MARK 9:30-50

v30-32, “The Son of man….into the hands of men”, Here a play on words points us to the irony of his own reign over humanity being given over by himself to his own kinsmen to betray, beat and slaughter him as the perfect sacrifice of love for the very people who would try to destroy him. The necessity that the Son of Man must suffer & die is the point that needed emphasis, because for many 1st century Jews the Messiah was a glorious and powerful figure, not a suffering one.

v33-37, Capernaum became the hub of Jesus’ Galilean ministry, Mt. 4:13 & Mk. 2:1. In modern times the site was discovered in 1838 by the American explorer E. Robinson, and major excavations began in 1905 by German archaeologists H. Kohl and C. Watzinger. But in 1968, remains from the time of Jesus were visible; Mr. Corbo & Mr. Loffreda began a series of annual archaeological efforts that lasted until 1985. They uncovered what might be the house of Simon Peter as well as ruins of a first century synagogue.

This word “Welcome” is a verb, δέχομαι (dechomai), a term of hospitality! The action of Jesus taking children into his arms is repeated in 10:16 and how could anyone paint a more lovelier image of Jesus than this! What do you think is the first step in becoming “the servant of all”?

v38-48, the fact that others were able to work this miracle of exorcism, when the 12 disciples were unable in the last chapter, had to be somewhat embarrassing, and yet they were arguing about who amongst them would be ‘great’. Why would anyone need to be following them? The point we must emphasize is that we only follow Jesus, not other Christians! An eternal reward for meeting the smallest of needs of people who bear the name of Christ must be pointing to the promise in Revelation 14:13.

The word for “hell” is Gehenna, or “The valley of Hinnom”, located on the southside of Jerusalem, the public place for incinerating excrement, the corpses of unknown vagrants and rubbish, the smell must of have been horrible, and was symbolically referred to as the place of divine punishment. The blunt language of v47 must make it clear to us that a Christian’s life with no real repentance is a totally wasted life and forfeits your own salvation. Jesus taught repentance with much more emphasis than baptism!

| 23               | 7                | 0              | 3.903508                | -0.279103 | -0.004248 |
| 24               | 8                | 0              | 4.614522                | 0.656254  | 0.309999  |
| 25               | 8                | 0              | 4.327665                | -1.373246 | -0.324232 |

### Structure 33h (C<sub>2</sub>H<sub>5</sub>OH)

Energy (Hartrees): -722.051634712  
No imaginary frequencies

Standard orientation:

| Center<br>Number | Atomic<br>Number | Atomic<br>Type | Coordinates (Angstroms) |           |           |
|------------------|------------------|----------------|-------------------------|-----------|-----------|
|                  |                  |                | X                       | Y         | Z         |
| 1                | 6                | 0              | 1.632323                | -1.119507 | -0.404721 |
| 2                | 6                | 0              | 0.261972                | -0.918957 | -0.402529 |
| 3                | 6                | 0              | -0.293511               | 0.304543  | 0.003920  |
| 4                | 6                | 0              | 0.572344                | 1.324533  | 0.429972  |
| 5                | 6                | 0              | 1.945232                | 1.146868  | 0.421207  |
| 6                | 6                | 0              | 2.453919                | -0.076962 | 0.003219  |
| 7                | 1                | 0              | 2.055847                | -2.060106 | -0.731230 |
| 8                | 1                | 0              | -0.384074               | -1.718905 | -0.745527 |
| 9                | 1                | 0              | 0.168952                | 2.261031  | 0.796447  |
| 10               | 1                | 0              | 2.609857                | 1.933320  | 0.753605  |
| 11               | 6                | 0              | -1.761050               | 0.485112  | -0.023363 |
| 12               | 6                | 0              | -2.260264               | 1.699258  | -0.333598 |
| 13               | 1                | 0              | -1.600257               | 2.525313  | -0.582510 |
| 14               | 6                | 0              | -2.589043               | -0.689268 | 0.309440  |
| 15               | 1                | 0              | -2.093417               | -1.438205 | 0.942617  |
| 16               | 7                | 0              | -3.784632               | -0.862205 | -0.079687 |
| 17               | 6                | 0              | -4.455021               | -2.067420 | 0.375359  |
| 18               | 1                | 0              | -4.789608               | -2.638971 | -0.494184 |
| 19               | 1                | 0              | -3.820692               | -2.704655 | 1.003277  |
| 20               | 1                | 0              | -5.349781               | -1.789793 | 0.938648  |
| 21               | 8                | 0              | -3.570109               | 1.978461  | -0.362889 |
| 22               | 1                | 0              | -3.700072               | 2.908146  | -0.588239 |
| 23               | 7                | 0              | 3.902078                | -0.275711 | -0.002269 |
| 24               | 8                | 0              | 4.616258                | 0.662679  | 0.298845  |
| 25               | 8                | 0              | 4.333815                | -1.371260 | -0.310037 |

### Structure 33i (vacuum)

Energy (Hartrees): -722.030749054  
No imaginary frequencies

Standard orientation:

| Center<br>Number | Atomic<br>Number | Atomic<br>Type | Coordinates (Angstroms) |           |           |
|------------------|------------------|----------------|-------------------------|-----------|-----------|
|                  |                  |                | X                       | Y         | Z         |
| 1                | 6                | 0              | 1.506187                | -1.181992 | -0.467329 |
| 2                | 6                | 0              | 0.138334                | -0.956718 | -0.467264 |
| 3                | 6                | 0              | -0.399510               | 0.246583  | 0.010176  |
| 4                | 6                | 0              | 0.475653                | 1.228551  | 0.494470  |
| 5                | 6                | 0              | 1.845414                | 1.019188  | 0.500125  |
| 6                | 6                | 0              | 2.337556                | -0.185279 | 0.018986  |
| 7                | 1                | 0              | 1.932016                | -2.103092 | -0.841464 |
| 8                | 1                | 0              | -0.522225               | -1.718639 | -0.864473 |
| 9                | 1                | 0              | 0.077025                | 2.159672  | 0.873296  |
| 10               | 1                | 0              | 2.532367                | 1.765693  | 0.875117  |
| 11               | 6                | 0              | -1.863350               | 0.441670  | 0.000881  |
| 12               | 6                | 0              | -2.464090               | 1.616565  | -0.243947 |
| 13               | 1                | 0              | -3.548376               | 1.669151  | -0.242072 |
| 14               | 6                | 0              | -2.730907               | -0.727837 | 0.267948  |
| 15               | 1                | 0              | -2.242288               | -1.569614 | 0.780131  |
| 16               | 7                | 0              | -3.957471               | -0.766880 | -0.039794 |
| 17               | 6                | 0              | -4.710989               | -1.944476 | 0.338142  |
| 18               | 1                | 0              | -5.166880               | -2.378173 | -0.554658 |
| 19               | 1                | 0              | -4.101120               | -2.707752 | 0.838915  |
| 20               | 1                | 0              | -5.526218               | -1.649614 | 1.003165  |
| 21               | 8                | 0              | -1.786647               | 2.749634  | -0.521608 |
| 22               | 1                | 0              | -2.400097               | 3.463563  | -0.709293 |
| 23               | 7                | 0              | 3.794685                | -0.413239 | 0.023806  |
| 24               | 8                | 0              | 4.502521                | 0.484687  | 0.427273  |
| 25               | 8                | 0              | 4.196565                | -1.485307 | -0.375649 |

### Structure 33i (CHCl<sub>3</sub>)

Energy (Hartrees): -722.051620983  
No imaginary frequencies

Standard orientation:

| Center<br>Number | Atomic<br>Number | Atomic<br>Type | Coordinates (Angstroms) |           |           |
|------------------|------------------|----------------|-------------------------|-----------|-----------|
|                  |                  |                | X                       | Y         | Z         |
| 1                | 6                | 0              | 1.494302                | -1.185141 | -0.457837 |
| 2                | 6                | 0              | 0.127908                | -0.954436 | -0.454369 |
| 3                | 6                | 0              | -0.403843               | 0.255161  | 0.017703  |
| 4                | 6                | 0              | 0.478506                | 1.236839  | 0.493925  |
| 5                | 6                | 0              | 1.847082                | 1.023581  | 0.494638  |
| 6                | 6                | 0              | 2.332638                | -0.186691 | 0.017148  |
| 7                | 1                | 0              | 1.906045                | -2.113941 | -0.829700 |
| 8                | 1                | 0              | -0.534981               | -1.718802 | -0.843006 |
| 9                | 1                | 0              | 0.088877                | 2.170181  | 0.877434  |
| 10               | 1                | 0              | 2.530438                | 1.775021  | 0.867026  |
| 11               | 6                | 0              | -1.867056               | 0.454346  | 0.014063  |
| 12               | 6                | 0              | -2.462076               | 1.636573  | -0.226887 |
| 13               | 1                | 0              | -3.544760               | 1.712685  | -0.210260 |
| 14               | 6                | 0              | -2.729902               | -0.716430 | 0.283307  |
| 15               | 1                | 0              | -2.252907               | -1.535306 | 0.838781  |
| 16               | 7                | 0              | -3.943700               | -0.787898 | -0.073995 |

v49-50, to be “salted with fire”, must be a reference to Lev. 2:13, and for Christians this means the suffering of purification, and for unbelievers it means eternal torment, where suffering is preserved. Salt was used as seasoning or fertilizer, or as a preservative. If salt ceased to be useful, it was thrown away. With this illustration Jesus warned about a disciple who ceased to follow him. For salt to lose it’s flavor is a practical impossibility but the background of the saying is the use of salt blocks by ancient bakers to line the floor of their ovens. Under the intense heat these salt-blocks would eventually crystallize and undergo a change in chemical composition, finally being thrown out as unserviceable. Genuine salt can never lose its flavor. In this case the saying by Jesus here may be like Matthew 19:24, where it is likewise impossible for the camel to go through the eye of a sewing needle.

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